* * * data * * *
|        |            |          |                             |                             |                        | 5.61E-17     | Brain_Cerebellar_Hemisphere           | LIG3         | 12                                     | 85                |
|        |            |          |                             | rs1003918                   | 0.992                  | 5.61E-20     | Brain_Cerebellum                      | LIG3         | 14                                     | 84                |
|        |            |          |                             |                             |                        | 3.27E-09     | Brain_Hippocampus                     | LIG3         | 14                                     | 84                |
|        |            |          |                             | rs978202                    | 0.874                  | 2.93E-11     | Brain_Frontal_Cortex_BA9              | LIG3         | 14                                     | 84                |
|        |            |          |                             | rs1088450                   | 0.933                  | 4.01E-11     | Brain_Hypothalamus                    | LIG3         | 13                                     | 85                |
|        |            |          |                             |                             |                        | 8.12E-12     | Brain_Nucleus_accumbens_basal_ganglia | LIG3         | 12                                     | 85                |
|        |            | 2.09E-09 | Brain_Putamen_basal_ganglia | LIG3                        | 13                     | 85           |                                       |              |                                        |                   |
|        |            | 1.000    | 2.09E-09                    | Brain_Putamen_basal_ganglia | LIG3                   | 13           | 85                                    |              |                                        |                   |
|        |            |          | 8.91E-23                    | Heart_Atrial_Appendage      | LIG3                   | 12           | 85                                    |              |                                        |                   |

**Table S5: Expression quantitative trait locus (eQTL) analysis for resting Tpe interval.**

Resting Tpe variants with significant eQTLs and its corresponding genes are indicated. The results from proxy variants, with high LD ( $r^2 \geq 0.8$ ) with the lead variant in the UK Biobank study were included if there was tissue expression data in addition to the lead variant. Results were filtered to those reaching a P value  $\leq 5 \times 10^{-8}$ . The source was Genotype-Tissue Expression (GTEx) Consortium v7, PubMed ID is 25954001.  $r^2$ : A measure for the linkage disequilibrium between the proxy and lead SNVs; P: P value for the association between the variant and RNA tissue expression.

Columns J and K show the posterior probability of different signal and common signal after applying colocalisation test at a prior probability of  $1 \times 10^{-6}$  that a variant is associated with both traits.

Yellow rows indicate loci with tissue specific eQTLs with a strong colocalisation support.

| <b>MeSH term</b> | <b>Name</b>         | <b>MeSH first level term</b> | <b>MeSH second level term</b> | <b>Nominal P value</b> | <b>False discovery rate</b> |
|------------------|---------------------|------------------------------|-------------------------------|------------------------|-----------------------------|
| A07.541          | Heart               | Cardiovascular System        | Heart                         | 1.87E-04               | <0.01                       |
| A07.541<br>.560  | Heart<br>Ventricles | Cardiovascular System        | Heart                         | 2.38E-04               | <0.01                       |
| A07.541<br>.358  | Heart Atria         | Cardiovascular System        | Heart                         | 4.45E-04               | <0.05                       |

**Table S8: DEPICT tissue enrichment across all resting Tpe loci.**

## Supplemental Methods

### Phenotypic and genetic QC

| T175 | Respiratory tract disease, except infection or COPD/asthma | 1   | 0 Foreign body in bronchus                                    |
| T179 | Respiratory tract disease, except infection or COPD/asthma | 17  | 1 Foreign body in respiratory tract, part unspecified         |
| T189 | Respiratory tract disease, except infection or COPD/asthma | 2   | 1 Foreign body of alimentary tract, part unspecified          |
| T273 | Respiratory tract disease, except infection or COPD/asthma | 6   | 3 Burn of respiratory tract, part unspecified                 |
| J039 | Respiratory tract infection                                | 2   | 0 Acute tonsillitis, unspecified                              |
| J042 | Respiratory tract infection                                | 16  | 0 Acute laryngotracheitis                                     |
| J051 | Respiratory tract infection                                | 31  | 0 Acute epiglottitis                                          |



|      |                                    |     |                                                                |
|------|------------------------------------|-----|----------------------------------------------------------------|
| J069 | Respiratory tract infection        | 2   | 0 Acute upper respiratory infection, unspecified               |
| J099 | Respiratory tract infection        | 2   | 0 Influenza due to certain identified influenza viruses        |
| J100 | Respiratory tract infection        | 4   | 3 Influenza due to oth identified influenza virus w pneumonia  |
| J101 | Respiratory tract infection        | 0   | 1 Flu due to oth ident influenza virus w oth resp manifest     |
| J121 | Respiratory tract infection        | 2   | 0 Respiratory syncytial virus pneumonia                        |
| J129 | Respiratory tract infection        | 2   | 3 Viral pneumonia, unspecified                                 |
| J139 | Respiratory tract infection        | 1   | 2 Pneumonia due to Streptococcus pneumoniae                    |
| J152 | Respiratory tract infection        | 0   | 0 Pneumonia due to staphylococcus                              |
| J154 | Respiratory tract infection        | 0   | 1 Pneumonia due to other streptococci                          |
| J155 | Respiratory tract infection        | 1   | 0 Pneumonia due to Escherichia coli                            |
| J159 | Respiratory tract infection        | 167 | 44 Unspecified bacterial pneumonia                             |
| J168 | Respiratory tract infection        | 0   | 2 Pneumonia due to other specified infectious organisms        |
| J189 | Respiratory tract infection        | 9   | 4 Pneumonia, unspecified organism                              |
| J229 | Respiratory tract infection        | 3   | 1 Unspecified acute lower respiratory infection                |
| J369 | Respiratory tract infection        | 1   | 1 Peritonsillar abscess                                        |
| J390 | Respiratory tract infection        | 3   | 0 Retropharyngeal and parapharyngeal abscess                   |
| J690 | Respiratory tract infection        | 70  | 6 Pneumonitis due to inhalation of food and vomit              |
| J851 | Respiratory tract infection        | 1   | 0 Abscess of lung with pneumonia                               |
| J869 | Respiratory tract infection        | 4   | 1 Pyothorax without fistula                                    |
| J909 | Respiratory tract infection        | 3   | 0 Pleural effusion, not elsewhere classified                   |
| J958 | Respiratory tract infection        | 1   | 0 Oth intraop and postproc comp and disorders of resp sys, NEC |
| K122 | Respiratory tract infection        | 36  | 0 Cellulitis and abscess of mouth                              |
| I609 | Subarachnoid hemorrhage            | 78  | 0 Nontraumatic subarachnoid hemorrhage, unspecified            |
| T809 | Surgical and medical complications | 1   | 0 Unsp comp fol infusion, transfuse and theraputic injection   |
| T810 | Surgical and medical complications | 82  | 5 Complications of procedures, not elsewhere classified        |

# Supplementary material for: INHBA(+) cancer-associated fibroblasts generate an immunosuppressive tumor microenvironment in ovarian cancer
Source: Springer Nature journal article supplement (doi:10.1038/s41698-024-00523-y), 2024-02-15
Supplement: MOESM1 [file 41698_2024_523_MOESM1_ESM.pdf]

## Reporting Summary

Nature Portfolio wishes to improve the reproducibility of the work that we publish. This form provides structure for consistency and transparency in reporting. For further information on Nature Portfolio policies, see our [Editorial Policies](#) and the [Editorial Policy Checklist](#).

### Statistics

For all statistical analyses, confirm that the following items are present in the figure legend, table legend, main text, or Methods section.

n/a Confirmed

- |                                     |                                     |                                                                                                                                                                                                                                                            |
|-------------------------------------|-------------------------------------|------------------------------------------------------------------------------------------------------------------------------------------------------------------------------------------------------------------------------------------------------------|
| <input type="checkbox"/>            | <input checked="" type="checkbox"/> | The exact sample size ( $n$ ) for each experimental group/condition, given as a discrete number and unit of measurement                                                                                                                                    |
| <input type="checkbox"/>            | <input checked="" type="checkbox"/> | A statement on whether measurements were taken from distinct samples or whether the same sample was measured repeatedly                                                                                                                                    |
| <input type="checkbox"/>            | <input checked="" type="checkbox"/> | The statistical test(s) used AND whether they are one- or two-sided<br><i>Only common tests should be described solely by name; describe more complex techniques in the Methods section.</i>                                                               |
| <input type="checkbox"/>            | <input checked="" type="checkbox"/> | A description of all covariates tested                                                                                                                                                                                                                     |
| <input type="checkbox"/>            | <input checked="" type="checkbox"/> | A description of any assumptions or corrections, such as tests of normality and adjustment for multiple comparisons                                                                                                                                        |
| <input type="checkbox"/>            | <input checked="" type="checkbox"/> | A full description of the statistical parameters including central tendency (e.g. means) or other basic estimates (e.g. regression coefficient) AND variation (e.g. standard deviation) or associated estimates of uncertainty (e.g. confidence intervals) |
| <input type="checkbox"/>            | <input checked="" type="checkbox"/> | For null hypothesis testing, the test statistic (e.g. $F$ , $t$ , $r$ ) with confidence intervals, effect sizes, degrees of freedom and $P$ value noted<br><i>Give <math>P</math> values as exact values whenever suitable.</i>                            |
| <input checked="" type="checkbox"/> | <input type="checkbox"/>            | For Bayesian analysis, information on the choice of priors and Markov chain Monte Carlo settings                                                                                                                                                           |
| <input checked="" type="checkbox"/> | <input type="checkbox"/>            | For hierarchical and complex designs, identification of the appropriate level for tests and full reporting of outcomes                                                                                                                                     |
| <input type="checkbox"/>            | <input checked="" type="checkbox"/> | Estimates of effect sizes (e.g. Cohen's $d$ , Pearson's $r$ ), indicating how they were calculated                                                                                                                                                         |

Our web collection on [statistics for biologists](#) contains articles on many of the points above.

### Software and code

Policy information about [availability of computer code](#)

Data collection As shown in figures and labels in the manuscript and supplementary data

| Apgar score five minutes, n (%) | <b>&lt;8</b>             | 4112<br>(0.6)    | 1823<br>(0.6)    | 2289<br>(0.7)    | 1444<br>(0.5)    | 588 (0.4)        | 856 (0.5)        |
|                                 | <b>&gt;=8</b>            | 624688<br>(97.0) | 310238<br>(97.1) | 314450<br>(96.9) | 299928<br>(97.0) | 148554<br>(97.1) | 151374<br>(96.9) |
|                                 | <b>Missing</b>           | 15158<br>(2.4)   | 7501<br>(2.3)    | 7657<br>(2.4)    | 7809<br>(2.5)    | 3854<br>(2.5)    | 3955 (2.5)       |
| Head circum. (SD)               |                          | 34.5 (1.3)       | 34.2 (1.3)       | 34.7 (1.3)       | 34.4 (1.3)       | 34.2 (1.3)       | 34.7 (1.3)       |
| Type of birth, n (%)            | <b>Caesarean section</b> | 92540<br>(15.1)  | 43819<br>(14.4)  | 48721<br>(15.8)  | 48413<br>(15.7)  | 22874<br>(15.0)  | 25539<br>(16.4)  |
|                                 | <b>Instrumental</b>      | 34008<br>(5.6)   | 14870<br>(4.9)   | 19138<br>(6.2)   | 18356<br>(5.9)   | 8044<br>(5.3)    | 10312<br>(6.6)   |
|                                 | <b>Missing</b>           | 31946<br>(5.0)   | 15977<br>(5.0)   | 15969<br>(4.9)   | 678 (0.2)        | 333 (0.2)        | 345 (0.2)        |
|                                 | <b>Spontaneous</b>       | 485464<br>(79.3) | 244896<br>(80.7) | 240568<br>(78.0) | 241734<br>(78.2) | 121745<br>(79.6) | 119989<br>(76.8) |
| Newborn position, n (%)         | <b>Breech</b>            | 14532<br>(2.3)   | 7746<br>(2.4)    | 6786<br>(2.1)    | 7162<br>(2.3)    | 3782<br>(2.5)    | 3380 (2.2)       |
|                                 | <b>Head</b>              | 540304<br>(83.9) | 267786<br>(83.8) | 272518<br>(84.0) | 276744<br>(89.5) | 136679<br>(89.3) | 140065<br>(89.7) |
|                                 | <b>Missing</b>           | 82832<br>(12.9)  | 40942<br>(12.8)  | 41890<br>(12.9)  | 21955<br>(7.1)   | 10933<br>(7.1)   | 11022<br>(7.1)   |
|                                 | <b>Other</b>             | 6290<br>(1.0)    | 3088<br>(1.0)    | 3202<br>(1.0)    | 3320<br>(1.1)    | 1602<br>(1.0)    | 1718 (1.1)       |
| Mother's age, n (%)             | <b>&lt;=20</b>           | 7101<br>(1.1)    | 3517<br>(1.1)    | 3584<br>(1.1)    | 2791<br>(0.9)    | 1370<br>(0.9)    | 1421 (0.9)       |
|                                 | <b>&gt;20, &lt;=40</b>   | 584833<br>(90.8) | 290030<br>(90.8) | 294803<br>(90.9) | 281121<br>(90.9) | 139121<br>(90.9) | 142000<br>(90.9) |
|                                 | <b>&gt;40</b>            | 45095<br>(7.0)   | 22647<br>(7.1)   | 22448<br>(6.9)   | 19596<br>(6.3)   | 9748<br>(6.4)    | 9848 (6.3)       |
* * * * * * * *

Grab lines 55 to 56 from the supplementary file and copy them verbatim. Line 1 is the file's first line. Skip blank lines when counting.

| T810 | Surgical and medical complications | 82  | 5 Complications of procedures, not elsewhere classified        |

# Supplementary material for: INHBA(+) cancer-associated fibroblasts generate an immunosuppressive tumor microenvironment in ovarian cancer